Of course, these experiments sit on a network behind their own router.

Tonny B
Posts: 1
Joined: Wed Oct 11, 2017 6:51 am

Re: General server security question.

Wed Oct 11, 2017 10:43 am

Heater wrote:
Thu Oct 05, 2017 11:58 am

That implies to me that you are not using HTTPS which would normally be listening on port 443. That means that user names and passwords can be sniffed from the net by attackers. So far this is not so good, essentially you have no security at all.

Do set up Hiawatha to use HTTPS. Get yourself the required certificates and keys from letsencrypt: https://letsencrypt.org/ It's free and easy.
I think this would help a lot to website owners who are looking for a SSL certificate but I found another ssl certificate provider (https://www.https.in) they are not providing free ssl certificate like LetsEncrypt. But what they said to me is they will help me install SSL certificate also they have insurance policy of around $ 10,000 in case of any data breach.
Can you confirm whether LetsEncrypt can give me protection from such breaches. I think your inputs will help me buying right ssl certificate.

Thanks.

Heater
Posts: 7737
Joined: Tue Jul 17, 2012 3:02 pm

Re: General server security question.

Fri Oct 13, 2017 2:44 am

Tonny B,

I'm no expert on SSL certificates or certificate authorities so I cannot really advise.

But that won't stop me...

I found that installing certificates from letsencrypt.org to be very easy. They have excellent documentation and clear instructions. They provide easy to use tools to obtain and renew certs. So I see no reason why you would need to be paying for help with cert installation.

letsencrypt certs are only valid for 90 days. Then you need to renew them. Sounds like a pain but I found it easy to automate that.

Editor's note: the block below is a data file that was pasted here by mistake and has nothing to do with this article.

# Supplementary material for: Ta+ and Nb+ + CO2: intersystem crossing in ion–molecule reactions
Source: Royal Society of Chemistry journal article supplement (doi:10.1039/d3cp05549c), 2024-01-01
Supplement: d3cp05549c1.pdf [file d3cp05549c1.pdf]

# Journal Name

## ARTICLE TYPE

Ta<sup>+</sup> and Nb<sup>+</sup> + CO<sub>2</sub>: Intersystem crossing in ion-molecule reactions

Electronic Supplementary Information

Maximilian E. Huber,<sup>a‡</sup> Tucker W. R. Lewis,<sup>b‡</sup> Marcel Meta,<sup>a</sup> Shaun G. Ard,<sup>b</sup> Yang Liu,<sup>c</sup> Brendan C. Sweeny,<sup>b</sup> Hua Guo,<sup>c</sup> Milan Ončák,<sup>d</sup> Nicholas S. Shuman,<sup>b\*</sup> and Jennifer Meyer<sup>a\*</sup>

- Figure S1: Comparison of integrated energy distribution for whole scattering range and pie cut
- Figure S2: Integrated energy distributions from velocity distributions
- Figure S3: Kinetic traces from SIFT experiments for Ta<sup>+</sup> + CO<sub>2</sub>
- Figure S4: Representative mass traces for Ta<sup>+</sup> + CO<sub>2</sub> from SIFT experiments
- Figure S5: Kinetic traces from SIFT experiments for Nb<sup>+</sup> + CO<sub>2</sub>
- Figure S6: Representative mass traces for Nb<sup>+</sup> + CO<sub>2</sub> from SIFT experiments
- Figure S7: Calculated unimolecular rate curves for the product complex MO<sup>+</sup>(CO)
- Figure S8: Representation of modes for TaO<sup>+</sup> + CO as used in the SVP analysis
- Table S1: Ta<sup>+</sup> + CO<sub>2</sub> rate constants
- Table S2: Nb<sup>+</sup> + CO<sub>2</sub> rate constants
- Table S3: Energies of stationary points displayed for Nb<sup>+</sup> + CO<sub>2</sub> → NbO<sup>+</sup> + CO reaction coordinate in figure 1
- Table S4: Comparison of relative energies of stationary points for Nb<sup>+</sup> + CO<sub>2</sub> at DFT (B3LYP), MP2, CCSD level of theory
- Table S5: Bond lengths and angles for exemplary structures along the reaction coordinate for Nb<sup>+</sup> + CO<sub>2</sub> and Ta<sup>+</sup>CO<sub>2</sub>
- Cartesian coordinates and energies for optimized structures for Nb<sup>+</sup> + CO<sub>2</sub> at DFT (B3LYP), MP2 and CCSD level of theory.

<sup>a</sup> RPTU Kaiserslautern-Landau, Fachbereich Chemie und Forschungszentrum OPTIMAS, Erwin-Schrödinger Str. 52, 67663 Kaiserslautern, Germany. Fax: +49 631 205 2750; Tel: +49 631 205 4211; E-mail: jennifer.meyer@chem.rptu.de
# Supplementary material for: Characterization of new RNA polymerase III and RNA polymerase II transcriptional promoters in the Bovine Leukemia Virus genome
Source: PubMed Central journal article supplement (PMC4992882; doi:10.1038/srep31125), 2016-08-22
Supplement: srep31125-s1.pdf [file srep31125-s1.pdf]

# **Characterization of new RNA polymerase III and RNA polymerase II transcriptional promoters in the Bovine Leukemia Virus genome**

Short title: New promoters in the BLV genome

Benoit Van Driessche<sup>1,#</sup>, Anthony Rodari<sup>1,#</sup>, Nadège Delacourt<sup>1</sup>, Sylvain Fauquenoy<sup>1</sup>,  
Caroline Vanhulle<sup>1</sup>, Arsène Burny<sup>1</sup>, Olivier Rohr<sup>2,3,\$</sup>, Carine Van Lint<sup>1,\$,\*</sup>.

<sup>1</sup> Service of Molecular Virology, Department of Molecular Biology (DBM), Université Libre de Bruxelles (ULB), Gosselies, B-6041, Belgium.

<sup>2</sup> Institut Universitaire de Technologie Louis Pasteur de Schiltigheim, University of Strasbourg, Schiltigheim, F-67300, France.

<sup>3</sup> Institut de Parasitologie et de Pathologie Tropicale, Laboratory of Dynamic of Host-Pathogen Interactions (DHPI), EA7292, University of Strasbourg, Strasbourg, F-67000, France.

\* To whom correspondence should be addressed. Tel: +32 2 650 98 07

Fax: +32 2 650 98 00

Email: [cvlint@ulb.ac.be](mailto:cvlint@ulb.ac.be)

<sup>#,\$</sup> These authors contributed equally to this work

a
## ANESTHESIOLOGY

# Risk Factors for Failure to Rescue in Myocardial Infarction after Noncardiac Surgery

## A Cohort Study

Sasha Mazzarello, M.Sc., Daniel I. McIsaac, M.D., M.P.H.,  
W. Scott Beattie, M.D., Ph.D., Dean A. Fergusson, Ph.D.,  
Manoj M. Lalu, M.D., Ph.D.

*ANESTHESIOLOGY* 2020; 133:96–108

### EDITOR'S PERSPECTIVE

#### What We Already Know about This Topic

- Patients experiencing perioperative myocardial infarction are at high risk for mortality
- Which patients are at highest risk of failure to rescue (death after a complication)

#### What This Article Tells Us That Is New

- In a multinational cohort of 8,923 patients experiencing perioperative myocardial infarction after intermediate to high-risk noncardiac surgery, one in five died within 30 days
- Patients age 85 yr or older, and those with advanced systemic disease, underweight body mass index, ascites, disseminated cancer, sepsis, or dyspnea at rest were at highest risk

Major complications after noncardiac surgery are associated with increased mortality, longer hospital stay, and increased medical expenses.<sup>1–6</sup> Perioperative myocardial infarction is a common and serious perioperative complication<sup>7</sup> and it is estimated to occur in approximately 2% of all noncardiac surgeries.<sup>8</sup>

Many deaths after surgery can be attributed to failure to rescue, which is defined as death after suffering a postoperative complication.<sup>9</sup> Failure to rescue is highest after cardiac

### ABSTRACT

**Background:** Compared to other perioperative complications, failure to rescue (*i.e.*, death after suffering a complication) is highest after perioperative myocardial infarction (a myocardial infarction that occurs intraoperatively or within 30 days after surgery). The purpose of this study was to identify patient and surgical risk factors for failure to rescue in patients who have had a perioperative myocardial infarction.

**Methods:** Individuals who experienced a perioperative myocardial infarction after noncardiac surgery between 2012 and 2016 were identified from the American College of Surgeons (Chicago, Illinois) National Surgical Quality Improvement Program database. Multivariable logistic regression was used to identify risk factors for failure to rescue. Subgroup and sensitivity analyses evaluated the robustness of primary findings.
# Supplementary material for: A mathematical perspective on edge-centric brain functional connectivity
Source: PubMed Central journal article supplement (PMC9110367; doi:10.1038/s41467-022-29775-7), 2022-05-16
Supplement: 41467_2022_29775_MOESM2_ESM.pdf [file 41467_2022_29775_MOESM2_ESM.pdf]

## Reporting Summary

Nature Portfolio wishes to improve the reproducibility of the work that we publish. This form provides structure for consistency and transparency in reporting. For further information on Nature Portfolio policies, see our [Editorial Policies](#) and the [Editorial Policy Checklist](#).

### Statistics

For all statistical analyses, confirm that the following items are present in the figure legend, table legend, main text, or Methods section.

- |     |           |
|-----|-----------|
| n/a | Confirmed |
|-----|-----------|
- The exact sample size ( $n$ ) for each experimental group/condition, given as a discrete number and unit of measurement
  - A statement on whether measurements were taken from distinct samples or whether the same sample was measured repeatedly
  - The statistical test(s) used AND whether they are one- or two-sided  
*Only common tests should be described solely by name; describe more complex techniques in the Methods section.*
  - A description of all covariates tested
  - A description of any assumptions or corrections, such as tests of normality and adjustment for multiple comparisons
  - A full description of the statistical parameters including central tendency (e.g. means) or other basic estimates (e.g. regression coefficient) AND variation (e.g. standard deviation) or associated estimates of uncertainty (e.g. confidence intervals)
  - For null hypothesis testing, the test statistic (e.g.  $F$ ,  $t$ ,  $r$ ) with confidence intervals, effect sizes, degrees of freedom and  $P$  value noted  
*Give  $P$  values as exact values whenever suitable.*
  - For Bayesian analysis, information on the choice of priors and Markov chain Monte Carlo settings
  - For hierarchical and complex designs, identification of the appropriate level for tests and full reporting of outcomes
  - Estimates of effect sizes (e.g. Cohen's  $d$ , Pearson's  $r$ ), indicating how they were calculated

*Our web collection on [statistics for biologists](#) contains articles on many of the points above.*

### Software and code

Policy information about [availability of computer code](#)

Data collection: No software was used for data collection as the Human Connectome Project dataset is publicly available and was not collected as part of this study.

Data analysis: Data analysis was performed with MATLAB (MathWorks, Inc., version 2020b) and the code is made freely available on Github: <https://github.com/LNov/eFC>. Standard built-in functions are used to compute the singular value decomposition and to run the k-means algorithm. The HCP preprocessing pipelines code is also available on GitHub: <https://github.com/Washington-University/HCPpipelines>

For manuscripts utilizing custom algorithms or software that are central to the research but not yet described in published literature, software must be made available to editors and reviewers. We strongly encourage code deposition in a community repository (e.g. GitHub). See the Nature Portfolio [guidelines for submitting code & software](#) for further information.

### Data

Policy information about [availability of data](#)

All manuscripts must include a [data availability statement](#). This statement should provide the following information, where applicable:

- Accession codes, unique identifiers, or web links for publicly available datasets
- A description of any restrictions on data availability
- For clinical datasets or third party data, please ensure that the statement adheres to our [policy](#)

Almost certainly letsencrypt is not offering any insurance.

I don't know what such an insurance policy might cover. My gut tells me it's not worth the paper it's written on.

It may cover some failure of their certificate system some how. This should be very unlikely. I'd rather trust letencrypt in that regard.

Almost certainly such a policy does not cover breaches of your web site otherwise. Having HTTPS in place does not in anyway make your site secure. It's just a tool to help you secure things. One part of a very complicated puzzle. Any part of that puzzle can be a security failure from your web server, to server side application code, to the way you store user names and passwords, etc, etc. All of that stuff is far more likely to be breached.

Read the small print.

pipuppy
Posts: 70
Joined: Fri Aug 24, 2012 12:51 pm

Re: General server security question.

Sun Oct 15, 2017 1:48 pm

Hi again,

When I started this thread I had no idea it would generate such a response. Some very helpful tips and links to improved server security have emerged.

Reality check:
However, I am concerned that any younger pi users might read this thread and be "put off" from experimenting and self learning. If I am understanding correctly what we are in fact saying is that it is generally unwise to open-up a port on a home router to expose a homebrew server unless extreme precautions are taken? As a 60+ year old who is simply trying to self-educate I have sufficient wisdom to see that as an "amateur" it is perhaps safer to abandon this line of research and move on to something else with less risk or wait until my knowlege is sufficient to reduce the risks.